History 300 - Historiography
Spring 2009, MWF 2-2:50PM
Colorado State University - Pueblo
Professor Jonathan Rees
Office: Psychology 124
Office Phone: 549-2541
Office Hours: MWF 1-2PM, T 3-5PM
E-Mail: Jonathan [dot] Rees [at] colostate-pueblo [dot] edu
“History is always written wrong, and so always needs to be rewritten.”
This course is an introduction to history as a discipline and how historians do their work. It is intended to be content neutral. That means although you may learn specific factual information about particular subjects, this is comparatively unimportant. The important overall objective is for you to learn to appreciate the study of history as an academic discipline so as to prepare you for future success as a student, a reader and writer of this subject. Expect to read, to argue, to think, and to work at the craft of writing and on organizing historical ideas.
· Students will practice and become more aware of the skills of history, through analytical writing assignments.
· Students will learn how to read history written by others, to understand the historiographic approaches and historical methods being used by the authors, and to understand the assumptions and arguments of the authors.
· Students will develop a critical historian’s eye to apply to historical works, analyzing their strengths, weaknesses, arguments and assumptions.
· Students will learn more efficient research techniques, i.e. learn where and how to find primary and secondary sources of information on a historical topic, and how to use what they find.
· Students will realize the extent to which historical consciousness (or lack thereof) informs debates about important contemporary issues and how political factors influence the public presentation of history.
The taping of class lectures/discussions is not permitted unless you have my explicit permission. Please turn off your cell phones before class begins. Under no circumstances will you be permitted to take notes on a laptop computer. The reason for this restriction is too many people surfing the web with their Wi-Fi connection during class time. Even if you assure me you won't, I will not make an exception in order to maintain a consistent position.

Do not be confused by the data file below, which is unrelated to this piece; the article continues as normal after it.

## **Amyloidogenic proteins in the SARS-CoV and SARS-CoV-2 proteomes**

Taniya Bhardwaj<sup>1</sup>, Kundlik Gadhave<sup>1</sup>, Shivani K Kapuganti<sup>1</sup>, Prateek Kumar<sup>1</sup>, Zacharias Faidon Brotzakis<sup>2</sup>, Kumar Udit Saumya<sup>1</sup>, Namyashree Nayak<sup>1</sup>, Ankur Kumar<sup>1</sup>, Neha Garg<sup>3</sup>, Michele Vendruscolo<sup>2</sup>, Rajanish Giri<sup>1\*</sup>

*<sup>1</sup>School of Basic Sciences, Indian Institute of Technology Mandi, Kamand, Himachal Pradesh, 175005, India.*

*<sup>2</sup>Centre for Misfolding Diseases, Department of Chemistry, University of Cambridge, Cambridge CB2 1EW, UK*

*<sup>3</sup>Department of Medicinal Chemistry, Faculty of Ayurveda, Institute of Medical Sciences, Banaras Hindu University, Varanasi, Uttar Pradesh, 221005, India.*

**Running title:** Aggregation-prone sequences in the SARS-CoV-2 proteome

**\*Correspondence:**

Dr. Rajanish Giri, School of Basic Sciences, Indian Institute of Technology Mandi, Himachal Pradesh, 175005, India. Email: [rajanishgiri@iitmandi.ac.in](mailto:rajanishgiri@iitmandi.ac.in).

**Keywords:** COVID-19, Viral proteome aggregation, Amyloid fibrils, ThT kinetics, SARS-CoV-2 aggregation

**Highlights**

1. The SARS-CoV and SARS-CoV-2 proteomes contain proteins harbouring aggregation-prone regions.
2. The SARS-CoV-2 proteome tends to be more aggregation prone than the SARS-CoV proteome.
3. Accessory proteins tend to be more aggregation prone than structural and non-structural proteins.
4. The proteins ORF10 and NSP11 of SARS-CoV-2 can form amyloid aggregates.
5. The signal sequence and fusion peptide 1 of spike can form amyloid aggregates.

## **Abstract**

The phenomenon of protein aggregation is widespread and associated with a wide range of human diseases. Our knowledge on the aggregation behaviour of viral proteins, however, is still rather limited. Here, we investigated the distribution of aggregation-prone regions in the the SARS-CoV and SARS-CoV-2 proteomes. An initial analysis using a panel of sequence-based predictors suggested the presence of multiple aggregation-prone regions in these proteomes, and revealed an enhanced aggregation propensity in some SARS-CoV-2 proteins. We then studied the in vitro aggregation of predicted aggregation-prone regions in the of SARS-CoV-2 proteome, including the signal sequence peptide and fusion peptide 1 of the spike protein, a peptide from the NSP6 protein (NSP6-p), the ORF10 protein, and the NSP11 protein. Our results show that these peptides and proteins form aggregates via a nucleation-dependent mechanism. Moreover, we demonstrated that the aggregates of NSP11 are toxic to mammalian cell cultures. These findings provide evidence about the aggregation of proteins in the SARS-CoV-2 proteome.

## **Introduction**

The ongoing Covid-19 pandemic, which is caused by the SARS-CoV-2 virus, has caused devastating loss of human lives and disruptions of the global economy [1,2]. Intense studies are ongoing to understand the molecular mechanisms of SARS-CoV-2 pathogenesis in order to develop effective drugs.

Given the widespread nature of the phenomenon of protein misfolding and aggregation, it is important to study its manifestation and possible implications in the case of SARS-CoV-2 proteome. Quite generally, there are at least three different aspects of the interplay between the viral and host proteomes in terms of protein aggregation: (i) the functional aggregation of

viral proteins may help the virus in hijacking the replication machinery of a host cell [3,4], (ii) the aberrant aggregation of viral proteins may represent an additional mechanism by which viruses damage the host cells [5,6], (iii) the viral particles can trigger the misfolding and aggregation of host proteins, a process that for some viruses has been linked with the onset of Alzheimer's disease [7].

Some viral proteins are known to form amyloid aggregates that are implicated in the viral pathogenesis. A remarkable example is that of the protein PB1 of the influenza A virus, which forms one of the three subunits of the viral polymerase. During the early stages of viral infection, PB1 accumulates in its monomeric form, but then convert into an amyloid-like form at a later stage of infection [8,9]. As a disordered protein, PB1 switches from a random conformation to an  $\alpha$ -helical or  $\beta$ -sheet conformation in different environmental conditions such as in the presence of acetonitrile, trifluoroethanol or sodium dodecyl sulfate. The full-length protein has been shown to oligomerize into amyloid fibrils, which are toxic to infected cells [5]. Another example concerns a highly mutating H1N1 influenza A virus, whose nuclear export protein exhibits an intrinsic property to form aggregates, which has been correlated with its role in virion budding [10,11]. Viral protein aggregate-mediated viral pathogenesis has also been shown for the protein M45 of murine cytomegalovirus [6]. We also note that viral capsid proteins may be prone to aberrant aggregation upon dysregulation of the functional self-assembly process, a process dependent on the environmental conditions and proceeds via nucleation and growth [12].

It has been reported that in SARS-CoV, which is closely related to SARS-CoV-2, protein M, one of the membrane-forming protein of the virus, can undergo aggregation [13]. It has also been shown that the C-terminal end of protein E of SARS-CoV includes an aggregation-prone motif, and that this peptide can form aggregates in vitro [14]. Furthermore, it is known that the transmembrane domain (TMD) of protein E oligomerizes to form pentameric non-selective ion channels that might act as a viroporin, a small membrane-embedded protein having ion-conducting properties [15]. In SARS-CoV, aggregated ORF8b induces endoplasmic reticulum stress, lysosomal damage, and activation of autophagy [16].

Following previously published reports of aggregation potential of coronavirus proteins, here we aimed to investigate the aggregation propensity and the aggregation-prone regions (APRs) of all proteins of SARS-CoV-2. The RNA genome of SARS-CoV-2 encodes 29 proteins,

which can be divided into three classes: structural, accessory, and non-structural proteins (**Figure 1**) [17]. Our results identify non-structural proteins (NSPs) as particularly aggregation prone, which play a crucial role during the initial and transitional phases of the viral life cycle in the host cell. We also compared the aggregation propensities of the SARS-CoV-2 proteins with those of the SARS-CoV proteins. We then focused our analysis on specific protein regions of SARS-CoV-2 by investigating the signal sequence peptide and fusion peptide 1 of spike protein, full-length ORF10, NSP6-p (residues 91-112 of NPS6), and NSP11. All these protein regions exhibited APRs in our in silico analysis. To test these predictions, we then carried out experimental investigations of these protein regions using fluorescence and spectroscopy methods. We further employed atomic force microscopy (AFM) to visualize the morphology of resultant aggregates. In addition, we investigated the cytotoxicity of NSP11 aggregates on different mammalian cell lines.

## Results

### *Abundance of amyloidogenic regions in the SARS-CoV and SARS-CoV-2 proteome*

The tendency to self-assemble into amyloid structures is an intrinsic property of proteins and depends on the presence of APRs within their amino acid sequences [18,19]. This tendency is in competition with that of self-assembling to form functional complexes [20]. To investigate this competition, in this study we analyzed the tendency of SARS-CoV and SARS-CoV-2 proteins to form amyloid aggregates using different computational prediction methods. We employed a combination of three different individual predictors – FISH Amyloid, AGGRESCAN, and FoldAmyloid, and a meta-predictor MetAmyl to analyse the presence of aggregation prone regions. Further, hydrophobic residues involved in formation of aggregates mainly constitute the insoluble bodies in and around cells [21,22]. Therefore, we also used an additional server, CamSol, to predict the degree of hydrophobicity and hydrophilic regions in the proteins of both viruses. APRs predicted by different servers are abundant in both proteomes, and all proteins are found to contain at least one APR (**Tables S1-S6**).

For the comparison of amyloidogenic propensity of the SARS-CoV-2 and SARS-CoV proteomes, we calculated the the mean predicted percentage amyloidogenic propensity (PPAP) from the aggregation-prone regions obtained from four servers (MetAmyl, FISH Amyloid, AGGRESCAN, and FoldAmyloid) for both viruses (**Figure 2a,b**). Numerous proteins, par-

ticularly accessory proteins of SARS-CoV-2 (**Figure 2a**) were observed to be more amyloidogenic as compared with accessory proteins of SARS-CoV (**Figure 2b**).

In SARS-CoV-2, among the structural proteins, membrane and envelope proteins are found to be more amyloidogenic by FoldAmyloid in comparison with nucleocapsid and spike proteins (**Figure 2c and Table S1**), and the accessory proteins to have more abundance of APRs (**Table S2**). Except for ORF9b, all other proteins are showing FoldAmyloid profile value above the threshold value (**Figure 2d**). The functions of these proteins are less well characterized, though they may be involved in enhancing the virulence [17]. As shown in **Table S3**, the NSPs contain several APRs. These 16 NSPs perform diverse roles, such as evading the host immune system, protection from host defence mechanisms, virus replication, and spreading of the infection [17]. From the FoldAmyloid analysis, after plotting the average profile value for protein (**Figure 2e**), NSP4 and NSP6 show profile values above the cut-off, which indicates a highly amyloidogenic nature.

In order to facilitate communication between you and I, having an e-mail is a requirement of this course. I will be collecting e-mails from you on the first day of the course. You will want to give me an address that you check fairly frequently because I will use it if I need to get a hold of you for course-related business. All correspondence with me should go through the university e-mail listed above. All assignments (including draft papers, but excluding final papers) should be sent to email@example.com. All final papers should be handed to me in paper format in class on the day they are due.
This University abides by the Americans with Disabilities Act and Section 504 of the Rehabilitation Act of 1973, which stipulates that no student shall be denied the benefits of an education "solely by reason of a handicap." If you have a documented disability that may impact your work in this class and for which you may require accommodations, please see the Disability Resource Coordinator as soon as possible to arrange accommodations. In order to receive accommodations, you must be registered with and provide documentation of your disability to: the Disability Resource Office, which is located in the Psychology Building, Suite 232.
Brown, Callum G. Postmodernism for Historians.
Davidson, James West and Lytle, Mark Hamilton. Primary Source Investigator CD.
Gaddis, John Lewis. The Landscape of History.